This effort, for me, becomes all the more important  in the wake of globalization,  when the dynamics of cultural survival  as refracted through performance  should stem from  one’s indigenous aesthetic traditions as a marker of identity in a progressively fragmenting, disneyfying and globalizing world. In essence , what I am summarizing  here, is that “aesthetic” is political and a consciousness of one’s indigenous “aesthetic” as well as theoretical traditions,  if intelligently deployed in performance, painting, dance, playwriting, acting, redefines the meaning and significance as well as  formalistic properties of any work of artistic expression despite the  syncretic or hybridizing or creolizing or intercultural tendency of   the present.


What I mean here is that what will make my play different from a Chinese or Japanese play written by somebody living in New York is my deployment of Igbo aesthetic elements and performance theories in my work. And to be able to do this I need to do the necessary research into what existed in Igbo culture before the intrusion of Europeans into the African universe . Hybridity  as it is now discussed seems to be happy and exciting affair. Few artists and scholars are ready to engage with the fact that hybridity is indeed a very violent process. Our present attitude to hybridity,  under postcolonial theory,  is to adore the mixed-race child as beautiful. What we do not want to do is to confront the history and anguish of the relationship that produced the baby. A little understanding of where the parents come from will help us better understand what the child is made up of or will become in the fullness of time. We must go back to sage philosophy , to the excavation of the theories of our performances and oratures that have shaped and powered the great breakthroughs in form and structure and dynamics of art, painting, literature as exemplified by the works of Picasso, Soyinka, Achebe, Okigbo, Ben Okri, Dennis Scott, Alvin Ailey, Katherine Dunham, Pearl Primus, Urban Bush Women, Fela Anikulapo Kuti and  a myriad others. The knowledge/theory is there, waiting only to be excavated and properly documented and deployed in all aspects of our creativity including our theatrical acting styles and “subaltern” discourses on performance theory, orature and literature. Jonathan Culler puts the impetus of my argument about theory  this way:


Foucault claims to analyse a particular historical moment, so the question that arises is whether his large generalizations hold for other times and places. Raising follow-up questions like these is, in turn, our way of stepping into theory and practicing it. 9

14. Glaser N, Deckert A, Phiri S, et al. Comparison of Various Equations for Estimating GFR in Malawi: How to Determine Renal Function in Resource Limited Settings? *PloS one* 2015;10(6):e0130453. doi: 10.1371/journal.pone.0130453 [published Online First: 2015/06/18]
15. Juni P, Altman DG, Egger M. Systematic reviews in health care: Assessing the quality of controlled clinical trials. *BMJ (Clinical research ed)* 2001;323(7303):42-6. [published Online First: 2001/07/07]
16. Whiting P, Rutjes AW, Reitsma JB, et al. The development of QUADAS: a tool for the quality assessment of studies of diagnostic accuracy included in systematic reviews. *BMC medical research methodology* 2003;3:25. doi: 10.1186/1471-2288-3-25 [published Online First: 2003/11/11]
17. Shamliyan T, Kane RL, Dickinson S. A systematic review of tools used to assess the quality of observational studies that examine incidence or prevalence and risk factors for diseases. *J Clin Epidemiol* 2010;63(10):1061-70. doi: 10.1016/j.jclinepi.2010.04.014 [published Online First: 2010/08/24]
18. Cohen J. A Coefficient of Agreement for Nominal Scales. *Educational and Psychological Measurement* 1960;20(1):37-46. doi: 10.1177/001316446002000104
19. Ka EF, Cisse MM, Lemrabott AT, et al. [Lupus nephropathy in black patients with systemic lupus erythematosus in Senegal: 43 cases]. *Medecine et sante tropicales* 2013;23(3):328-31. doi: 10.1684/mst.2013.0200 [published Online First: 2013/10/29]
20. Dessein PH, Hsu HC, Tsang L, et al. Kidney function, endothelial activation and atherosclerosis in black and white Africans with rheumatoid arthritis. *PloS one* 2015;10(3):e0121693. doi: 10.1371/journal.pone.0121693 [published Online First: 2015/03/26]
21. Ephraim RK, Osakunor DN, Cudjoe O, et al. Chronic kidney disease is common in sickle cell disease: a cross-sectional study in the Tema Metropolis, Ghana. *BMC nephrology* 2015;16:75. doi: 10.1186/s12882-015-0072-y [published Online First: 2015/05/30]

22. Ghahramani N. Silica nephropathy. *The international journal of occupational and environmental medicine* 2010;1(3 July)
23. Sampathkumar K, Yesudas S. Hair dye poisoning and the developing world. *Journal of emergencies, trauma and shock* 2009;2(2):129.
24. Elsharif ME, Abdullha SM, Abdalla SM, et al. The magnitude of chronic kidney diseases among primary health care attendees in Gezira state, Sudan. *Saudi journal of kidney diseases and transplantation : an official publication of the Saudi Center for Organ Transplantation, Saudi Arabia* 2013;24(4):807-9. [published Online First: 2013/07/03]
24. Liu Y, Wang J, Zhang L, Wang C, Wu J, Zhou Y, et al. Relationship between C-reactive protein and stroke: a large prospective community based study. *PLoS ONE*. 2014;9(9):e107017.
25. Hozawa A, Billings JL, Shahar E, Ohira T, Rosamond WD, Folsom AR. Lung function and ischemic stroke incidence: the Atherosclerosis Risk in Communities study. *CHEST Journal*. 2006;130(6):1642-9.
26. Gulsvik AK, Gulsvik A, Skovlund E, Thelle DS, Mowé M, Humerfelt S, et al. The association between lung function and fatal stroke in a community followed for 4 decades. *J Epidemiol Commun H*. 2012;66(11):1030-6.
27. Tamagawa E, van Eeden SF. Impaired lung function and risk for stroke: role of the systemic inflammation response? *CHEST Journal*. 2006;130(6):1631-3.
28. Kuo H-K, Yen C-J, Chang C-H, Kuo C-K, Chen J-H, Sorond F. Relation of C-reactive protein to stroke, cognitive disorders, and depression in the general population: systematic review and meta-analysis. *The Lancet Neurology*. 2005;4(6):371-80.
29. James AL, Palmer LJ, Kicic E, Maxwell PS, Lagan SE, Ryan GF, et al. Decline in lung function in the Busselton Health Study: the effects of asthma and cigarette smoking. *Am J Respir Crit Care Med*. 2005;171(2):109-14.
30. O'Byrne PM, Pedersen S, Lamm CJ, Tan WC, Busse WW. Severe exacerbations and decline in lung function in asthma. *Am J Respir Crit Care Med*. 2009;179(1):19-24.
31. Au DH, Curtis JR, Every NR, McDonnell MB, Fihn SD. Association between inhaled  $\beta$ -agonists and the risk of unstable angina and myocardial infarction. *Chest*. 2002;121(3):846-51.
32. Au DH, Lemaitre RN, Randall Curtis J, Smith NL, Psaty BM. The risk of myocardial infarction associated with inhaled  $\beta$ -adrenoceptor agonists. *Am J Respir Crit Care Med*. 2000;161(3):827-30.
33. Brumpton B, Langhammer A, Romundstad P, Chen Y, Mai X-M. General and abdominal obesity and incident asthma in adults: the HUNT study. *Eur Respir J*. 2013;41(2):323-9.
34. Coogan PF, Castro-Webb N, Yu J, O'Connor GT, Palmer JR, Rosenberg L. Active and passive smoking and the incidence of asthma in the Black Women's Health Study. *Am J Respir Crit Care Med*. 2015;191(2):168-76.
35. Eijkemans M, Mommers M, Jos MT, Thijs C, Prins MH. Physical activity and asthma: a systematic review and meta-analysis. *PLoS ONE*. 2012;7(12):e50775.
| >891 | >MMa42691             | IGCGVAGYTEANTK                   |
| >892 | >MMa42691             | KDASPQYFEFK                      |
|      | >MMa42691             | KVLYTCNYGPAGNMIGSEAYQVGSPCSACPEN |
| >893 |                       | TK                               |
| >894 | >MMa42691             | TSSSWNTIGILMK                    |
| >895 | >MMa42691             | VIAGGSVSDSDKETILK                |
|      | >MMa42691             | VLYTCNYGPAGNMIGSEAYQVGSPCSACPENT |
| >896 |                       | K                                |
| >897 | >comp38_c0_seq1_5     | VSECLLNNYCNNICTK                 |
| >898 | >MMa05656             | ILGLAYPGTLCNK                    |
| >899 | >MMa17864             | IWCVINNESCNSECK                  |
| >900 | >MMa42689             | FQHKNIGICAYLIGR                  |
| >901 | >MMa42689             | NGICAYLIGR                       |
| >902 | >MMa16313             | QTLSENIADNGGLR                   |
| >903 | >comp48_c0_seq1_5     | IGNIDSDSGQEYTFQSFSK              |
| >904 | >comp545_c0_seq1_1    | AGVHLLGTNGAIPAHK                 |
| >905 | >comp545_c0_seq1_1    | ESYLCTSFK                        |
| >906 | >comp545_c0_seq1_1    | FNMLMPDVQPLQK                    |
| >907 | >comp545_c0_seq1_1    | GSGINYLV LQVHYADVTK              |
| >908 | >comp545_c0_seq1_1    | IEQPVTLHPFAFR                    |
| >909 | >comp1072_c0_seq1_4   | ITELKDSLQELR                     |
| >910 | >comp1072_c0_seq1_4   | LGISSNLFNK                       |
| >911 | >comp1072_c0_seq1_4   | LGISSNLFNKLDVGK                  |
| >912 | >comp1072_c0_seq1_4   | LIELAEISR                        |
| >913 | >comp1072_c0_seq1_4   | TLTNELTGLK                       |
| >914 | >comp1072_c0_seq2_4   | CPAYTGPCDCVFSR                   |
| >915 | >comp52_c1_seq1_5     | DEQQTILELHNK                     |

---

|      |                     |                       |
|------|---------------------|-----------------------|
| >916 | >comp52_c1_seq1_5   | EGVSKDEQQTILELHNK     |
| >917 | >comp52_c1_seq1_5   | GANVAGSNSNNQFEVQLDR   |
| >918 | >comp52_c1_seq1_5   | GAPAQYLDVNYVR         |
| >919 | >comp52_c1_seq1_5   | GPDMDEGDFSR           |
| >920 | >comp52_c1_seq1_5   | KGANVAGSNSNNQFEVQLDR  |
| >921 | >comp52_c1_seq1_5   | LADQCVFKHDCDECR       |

The essential problem with postcolonial theory, as it is practiced today, is the notion or misconception that  most  scholars, black and white,  have in the West and the rest of the world, namely,  that theory is a  purely typographical form which is only possible as written discourse. This notion,  of course,  stems from  a limited or perverted understanding  of what the word actually means, its origins, dynamics, evolution,  even by Western standards. Aristotle’s theories of drama were first and foremost, oral treatises, lectures  given publicly to students who wrote it down. The thoughts, ideas and concepts did not become theories when they were written down, they were theories even  while he was “thinking them out”  or  articulating them verbally as a dialogic or Socratic discourse. This analogy  of the link between theory and orality becomes clearer when  applied to oral poetry which is quite different from verse i.e. poetry as a written form, encrypted in Western orthography, as it is widely known, practiced  and valorized by the Western academy. It is important to note that while verse is struggling to survive in the West - when it does it is mainly as among the university-educated, middle-class,  populations -  oral poetry continues to thrive in three quarters of the world as prayer, ritual, invocation, market chants, songs, sermons, divination, political rhetoric, praise singing, rap, spoken word etc.  etc. I have tried to theorize the reason for this vibrancy, accessibility and functionality of oral poetry as well as its vernacular imperative  in a recent essay titled: “Taking the Bull by the Balls: The Oriki Theory of African and African Diasporic Orature."


Theory, to be precise,  is an attempt to make sense of how and why we create or make things, structures, ideas, institutions, art in a given society. Its primary functions are to encode, articulate, clarify, criticize, historicize, assess, redirect, reshape, regenerate a society’s cultural and creative processes from prayer, dance, painting, literature through music to scientific invention. Theory exists in all cultures of the world in the culture’s  own languages. Each cultures theoretical constructs can best be appreciated by first studying the culture’s own languages and metalanguages and then by placing their theories side by side with  the literary or performative artform or genre or discipline being  studied or examined by the theorist. And that is what I intend to do, from an African diasporic perspective,  in the book: Before They Danced in Chains: Performance Theories of Africa and the African Diaspora.”